“By all metrics, his economic record has improved since then,” said Andrew Bates, a White House spokesman.
Still, nearly all of Mr. Biden’s campaign advertising this year sells his economic record. The ads — which don’t use the term Bidenomics — cast the president’s policies as a work in progress. “All of the things that Biden fought to get passed helped the middle class,” a cement mason from Milwaukee says in an ad the campaign released last week.
“It’s no secret that a lot of Americans are struggling with the cost of living, and that’s a reality that shapes their views about the economy more broadly,” said Geoff Garin, a pollster who conducts surveys for the Democratic National Committee.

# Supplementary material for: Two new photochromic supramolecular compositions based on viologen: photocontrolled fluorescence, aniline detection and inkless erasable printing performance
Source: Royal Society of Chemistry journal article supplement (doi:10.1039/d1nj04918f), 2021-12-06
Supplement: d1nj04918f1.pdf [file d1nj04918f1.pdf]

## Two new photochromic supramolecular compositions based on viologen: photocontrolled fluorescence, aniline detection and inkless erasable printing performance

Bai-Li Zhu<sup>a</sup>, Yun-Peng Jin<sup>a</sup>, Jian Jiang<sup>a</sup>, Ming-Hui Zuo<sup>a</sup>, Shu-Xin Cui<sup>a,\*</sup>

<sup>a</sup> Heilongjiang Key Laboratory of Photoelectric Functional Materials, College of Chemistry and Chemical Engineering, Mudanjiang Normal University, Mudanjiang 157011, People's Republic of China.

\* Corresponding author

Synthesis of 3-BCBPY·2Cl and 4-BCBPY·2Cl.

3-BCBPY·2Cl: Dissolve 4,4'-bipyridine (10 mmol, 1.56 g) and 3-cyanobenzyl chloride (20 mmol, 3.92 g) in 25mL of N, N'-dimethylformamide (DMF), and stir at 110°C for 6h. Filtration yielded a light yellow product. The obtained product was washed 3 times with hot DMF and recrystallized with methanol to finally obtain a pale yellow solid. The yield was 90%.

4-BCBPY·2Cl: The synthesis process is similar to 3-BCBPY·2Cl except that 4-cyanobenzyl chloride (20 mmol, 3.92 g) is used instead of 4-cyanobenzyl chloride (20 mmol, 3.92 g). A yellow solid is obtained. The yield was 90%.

Explaining why Mr. Biden’s policies will help, Mr. Garin said, “is what campaigns are for.”
This summer Mr. Biden has promoted “Bidenomics” at events around the country, often speaking in factories or with labor groups. Even some in friendly audiences of local Democratic leaders and supporters questioned whether his emphasis would resonate with the coalition that elected him in 2020.
“Is Bidenomics the right thing to sell?” Mayor Katie Rosenberg of Wausau, Wis., said after seeing Mr. Biden speak in Milwaukee last month. “I just keep thinking, why aren’t they just doing Build Back Better still? That was a really good slogan. Bidenomics is just an effort to capitalize on the negativity around him.”